Military sanctions against Russia: Who stands to lose more?

Russia's biggest military partner is France: One contract alone, for the supply of two Mistral-class helicopter carriers, should bring in over $1.66 million for France. Source: Alexei Danichev / RIA Novosti

Russia's biggest military partner is France: One contract alone, for the supply of two Mistral-class helicopter carriers, should bring in over $1.66 million for France. Source: Alexei Danichev / RIA Novosti

Why an EU ban on arms and military hardware supplies to Russia in response to the events in Crimea will not become an effective means of applying pressure on the Kremlin.

Military cooperation with Russia has been suspended by the UK and Germany in the wake of the recent events in Crimea.

However, EU sanctions on military-technical cooperation represent one of the weakest links in the "fight" against Russia. Suffice it to say that exports of European armaments make up not more than 1 percent of the total amount of export-import contracts for Rosoboronexport, the Russian state intermediary in arms deals.

After the U.S., Russia is the second largest supplier of arms and military hardware in the world. Russian defense industry enterprises have a full production cycle, from the base material to the end product. So, in fact, EU sanctions on military-technical cooperation will have no serious effect on Russia's defense capability.

Losses - on both sides

Having said that, the 1 percent of contracts nevertheless do exist. In the case of the UK, those were for the supply of material for military uniforms. As a result of the sanctions, London loses some $133 million.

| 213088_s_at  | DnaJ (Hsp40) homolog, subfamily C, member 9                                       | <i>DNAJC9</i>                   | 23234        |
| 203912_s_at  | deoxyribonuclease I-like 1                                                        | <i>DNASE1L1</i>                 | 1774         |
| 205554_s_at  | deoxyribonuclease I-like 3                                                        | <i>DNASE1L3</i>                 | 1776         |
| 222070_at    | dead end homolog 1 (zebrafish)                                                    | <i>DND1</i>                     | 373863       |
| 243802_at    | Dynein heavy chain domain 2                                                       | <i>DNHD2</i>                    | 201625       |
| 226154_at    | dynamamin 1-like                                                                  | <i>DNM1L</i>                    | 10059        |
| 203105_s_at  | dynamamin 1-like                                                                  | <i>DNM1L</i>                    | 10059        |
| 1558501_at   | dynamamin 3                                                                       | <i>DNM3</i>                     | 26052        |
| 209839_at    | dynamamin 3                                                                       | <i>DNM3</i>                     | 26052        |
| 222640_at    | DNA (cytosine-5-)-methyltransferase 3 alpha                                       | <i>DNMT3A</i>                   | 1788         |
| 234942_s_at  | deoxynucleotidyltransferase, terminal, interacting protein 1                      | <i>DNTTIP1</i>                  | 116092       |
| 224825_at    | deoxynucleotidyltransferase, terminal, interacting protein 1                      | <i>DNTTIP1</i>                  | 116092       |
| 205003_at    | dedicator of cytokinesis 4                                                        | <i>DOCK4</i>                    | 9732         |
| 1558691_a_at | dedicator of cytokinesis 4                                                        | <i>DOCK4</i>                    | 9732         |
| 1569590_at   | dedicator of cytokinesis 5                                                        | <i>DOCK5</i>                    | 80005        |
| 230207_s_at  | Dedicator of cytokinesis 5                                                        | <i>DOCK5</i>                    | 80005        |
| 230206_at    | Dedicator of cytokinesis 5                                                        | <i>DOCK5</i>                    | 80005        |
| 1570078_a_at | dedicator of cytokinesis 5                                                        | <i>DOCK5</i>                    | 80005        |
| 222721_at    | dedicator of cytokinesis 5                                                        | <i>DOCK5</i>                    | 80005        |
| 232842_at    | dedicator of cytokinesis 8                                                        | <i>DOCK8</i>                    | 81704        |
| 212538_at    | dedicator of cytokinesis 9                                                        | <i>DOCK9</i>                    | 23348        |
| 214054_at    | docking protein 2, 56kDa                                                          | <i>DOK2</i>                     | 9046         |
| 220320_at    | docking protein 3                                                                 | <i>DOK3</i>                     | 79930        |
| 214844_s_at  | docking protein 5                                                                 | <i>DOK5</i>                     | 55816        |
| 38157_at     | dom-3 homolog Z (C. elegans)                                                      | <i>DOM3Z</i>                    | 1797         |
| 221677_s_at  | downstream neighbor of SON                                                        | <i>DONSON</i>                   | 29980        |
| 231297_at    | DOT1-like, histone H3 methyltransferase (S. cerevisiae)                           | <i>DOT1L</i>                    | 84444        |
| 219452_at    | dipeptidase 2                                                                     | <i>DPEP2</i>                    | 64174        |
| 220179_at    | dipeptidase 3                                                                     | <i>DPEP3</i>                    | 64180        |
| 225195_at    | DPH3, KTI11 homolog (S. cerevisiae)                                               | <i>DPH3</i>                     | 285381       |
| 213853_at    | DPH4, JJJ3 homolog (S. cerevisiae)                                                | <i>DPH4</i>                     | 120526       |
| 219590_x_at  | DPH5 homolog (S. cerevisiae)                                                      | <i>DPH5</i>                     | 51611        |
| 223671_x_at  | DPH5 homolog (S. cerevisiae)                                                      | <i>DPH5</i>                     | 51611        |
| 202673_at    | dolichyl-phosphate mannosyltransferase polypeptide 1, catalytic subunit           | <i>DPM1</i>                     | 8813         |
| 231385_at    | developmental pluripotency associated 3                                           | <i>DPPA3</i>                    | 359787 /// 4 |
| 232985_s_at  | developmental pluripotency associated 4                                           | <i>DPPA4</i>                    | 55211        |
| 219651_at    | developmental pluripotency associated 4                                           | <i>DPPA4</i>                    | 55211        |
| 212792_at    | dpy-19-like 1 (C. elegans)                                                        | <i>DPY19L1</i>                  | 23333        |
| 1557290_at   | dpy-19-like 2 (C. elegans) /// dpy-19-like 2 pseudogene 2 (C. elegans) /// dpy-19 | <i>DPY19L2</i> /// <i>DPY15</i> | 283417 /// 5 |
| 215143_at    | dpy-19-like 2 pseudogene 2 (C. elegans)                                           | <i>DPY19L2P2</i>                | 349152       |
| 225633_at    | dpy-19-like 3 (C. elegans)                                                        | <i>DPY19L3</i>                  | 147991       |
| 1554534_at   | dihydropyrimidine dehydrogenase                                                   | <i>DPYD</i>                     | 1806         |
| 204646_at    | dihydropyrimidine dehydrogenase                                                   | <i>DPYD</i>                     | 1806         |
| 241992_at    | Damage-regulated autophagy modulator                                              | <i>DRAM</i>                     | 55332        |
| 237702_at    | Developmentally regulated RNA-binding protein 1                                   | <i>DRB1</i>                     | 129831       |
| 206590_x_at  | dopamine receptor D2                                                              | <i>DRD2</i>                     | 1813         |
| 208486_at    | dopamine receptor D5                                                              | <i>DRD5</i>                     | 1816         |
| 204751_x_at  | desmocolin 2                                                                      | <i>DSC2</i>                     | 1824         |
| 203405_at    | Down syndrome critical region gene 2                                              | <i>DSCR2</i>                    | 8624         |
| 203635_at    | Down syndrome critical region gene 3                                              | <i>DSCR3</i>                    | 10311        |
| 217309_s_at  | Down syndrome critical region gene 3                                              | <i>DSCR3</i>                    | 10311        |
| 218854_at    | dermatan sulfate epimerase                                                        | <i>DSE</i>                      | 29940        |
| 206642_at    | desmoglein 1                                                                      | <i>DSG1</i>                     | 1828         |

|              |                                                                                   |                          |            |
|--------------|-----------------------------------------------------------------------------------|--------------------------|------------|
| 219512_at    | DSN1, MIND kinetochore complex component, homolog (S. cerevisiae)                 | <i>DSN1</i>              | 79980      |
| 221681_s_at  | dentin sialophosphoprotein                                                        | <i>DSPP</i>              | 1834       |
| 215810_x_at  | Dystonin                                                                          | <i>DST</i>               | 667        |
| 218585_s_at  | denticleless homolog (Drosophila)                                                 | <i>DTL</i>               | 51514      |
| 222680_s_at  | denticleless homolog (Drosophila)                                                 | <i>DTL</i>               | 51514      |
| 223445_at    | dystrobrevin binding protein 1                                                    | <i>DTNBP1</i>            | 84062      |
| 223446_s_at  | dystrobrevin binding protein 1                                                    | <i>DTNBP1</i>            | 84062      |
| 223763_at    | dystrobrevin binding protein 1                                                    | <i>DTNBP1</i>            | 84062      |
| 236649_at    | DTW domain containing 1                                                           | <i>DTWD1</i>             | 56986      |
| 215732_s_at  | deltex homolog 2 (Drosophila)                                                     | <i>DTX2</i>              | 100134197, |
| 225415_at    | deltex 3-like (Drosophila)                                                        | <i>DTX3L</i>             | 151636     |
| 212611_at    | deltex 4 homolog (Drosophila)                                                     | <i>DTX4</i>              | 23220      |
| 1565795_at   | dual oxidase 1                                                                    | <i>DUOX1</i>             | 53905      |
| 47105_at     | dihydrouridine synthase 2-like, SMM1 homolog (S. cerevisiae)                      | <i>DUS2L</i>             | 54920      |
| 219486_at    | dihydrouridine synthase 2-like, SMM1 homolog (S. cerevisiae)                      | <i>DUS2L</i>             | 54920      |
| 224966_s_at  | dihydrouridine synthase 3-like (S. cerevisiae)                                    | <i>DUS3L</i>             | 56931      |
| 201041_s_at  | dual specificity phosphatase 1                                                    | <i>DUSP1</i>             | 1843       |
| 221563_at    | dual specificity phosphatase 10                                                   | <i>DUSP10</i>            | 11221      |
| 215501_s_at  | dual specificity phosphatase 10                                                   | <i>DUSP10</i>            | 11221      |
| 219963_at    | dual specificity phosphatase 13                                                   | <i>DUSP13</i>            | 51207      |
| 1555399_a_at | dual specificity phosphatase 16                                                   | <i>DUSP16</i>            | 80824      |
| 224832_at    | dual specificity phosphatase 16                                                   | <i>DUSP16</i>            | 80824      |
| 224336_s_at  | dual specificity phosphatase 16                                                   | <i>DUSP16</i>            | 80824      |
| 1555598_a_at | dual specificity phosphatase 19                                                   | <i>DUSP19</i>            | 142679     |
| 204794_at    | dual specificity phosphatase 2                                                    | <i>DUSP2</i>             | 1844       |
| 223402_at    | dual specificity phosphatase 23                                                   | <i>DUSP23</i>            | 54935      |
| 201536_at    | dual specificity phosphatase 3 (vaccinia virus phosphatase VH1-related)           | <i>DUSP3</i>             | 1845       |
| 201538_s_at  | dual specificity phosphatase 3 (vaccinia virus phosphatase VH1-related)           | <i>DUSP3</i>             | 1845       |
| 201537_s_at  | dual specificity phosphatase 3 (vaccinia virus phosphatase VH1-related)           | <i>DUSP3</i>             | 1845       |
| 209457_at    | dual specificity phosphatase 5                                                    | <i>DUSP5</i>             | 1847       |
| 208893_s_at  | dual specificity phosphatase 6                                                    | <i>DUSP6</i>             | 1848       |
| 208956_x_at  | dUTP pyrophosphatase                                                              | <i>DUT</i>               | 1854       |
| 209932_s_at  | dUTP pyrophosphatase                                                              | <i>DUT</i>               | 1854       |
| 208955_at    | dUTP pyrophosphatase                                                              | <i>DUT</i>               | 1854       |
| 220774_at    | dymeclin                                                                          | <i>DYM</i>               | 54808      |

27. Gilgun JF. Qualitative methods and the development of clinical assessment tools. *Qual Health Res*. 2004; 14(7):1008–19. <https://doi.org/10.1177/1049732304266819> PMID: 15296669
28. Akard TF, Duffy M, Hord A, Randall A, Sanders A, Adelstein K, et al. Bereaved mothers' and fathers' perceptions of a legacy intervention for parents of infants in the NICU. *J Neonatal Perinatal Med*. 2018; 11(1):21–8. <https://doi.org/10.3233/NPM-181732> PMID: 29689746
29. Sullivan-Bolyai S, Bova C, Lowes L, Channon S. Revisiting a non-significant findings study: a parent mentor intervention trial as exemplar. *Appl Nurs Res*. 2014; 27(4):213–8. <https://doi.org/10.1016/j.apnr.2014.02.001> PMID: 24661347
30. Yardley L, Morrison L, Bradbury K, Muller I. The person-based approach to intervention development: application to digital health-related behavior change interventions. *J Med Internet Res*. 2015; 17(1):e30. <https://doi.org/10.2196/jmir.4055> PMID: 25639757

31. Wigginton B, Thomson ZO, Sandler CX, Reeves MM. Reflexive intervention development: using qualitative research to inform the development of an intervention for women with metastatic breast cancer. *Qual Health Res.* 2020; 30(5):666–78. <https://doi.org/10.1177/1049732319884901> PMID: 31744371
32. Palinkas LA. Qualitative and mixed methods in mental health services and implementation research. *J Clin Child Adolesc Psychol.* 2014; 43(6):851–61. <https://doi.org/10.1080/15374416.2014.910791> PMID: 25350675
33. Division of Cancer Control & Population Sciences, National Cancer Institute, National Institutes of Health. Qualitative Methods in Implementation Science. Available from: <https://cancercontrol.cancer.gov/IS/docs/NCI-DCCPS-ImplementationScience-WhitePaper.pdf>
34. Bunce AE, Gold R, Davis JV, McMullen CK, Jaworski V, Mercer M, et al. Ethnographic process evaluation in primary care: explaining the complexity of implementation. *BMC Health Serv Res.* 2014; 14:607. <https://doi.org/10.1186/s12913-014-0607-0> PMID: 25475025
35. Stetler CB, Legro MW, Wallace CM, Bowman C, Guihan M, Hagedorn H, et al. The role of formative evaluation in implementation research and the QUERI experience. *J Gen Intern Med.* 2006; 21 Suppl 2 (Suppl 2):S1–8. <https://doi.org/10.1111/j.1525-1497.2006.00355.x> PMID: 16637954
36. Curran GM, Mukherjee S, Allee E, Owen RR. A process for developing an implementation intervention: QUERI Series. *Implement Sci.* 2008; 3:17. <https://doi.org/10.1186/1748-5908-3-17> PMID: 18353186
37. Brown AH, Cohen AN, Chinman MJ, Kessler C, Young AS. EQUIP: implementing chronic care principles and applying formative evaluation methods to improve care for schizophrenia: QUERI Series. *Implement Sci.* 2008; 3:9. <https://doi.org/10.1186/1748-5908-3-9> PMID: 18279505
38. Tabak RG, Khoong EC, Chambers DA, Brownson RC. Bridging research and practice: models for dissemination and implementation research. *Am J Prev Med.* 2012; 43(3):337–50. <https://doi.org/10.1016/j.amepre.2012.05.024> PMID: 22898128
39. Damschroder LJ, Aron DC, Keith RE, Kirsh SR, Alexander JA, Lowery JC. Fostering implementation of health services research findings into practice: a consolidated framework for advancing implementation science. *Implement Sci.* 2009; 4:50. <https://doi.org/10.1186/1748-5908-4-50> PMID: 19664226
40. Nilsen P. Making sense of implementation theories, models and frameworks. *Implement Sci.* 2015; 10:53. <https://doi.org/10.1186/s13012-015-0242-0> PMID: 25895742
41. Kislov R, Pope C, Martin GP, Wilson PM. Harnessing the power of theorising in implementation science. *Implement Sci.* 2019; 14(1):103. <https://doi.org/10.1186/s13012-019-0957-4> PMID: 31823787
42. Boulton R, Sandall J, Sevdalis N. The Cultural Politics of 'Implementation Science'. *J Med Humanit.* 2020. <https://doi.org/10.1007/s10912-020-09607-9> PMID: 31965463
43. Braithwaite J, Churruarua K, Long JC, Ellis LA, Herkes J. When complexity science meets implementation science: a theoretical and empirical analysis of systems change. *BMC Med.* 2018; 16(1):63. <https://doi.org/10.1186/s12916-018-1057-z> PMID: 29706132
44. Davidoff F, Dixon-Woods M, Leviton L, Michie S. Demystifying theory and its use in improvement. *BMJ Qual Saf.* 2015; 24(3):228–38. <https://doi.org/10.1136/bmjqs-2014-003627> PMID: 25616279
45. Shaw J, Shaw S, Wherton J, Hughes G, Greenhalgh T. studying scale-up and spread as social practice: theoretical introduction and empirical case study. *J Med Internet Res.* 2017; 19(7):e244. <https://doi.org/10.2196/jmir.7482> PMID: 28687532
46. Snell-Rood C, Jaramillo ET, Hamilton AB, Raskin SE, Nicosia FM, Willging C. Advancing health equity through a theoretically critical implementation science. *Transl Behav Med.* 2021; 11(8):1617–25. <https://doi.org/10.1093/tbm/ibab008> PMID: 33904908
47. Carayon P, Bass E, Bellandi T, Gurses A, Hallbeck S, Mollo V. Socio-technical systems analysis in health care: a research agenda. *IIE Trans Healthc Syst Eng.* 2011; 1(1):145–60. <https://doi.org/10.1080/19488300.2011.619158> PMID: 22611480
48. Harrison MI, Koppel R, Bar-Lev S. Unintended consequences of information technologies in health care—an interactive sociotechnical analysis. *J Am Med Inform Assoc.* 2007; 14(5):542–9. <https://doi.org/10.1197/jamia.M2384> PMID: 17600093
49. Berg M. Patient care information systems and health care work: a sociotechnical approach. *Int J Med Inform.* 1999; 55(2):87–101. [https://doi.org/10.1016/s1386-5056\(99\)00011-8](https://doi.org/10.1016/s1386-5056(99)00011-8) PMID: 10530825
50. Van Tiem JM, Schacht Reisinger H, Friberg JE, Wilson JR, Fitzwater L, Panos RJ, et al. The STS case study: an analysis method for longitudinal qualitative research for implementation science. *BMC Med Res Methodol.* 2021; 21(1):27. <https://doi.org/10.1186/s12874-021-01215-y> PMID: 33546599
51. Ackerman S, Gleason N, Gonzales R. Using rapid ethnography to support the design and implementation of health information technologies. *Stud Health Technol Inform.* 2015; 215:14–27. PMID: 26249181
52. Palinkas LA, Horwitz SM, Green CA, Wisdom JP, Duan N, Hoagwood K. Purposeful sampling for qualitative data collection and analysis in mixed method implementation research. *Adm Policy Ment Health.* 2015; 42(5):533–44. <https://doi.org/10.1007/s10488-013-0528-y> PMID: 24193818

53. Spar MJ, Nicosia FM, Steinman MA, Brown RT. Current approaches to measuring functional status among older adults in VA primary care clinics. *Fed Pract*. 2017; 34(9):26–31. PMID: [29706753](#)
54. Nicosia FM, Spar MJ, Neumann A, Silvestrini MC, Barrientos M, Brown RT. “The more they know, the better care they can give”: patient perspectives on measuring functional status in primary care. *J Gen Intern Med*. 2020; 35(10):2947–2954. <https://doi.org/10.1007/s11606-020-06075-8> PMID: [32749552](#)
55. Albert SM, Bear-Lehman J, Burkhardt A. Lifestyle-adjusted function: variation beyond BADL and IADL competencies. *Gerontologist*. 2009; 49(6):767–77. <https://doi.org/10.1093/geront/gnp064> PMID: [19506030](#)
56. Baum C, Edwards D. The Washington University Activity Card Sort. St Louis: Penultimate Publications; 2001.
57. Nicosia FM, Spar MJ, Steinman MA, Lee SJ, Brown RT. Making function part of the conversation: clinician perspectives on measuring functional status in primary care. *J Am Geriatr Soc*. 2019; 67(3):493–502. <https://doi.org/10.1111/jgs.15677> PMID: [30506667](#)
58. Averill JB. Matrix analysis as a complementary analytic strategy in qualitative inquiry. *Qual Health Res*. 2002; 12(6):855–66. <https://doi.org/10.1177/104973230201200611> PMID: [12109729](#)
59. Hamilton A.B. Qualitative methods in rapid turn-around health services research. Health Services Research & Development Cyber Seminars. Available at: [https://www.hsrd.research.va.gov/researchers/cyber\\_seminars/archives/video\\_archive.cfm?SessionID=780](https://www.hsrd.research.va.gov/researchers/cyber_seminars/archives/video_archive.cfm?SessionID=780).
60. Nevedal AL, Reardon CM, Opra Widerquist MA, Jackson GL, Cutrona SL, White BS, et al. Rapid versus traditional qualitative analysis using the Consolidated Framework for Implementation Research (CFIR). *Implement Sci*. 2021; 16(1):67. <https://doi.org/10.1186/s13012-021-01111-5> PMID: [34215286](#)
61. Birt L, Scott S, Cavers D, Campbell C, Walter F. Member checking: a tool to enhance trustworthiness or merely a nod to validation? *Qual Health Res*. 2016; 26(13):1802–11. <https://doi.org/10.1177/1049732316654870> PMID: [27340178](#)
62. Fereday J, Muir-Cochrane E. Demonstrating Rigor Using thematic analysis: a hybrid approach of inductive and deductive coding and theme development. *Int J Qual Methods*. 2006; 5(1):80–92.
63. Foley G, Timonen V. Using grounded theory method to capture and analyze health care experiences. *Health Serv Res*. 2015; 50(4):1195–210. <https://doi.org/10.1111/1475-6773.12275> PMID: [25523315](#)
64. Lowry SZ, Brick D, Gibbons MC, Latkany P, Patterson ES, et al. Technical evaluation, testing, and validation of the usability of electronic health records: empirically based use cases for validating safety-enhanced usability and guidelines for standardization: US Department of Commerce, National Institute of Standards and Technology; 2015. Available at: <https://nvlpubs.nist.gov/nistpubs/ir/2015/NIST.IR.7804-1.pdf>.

Berlin supplied sniper weapons and was involved in the construction of a combat training digital centre in Mulino (in the Nizhny Novgorod Region). The amount at stake in that case is $100 million.

However, Russia's biggest military partner is France, which for the time being has adopted a wait-and-see stance. One contract alone, for the supply of two Mistral-class helicopter carriers, should bring in over 1.2 billion euros ($1.66 million) for French companies DCNS and STX - half of which Moscow has already paid.

In addition, France anticipated building two more of these ships in Russia. Paris is also involved in three large Russian contracts for the supply of armored vehicles and Su-30MKI and MiG-29K fighters to India. These contracts are worth millions of euros.

Who is doing whom afavor?

Yet the most interesting thing is that the Russian military-industrial complex is all for military sanctions against Russia, especially from France. It is not only that the Russian military have no need for French Mistral helicopter carriers (neither the defense minister, nor the chief of the General Staff have yet been able to explain what these ships were being bought for).

If sanctions are introduced, France will have to pay a cancellation penalty big enough to allow Russia to build at least five similar ships on its territory.

According to a senior representative of the Russian military-industrial complex, the Mistral carriers were forced on Russia by the then-defense minister, Anatoly Serdyukov. According to rumor, the deal was a "gift" to Nicolas Sarkozy ahead of the French presidential election, in return for his support of Moscow in the 2008 conflict in South Ossetia.

The French president had to preserve jobs and voters. Furthermore, at the time manufacturer DCNS was in a crisis, so the contract with Moscow was a lifeline.

Interestingly, Washington has not said a word about military sanctions. The U.S. would stand to lose far more from sanctions than its NATO partners. We need only recall that the Russian plant VSMPO-AVISMA in the Urals town of Verkhnaya Salda supplies over 40 percent of titanium components for the U.S. Boeing 787 Dreamliner.

In addition, NATO has a transit base in Ulyanovsk that handles nearly 60 percent of cargoes bound for the alliance's troops in Afghanistan.

Thus, it would appear that putting too much pressure on Moscow is not at all in Western partners' interests. 

All rights reserved by Rossiyskaya Gazeta.

More exciting stories and videos on Russia Beyond's Facebook page

This website uses cookies. Click here to find out more.

Accept cookies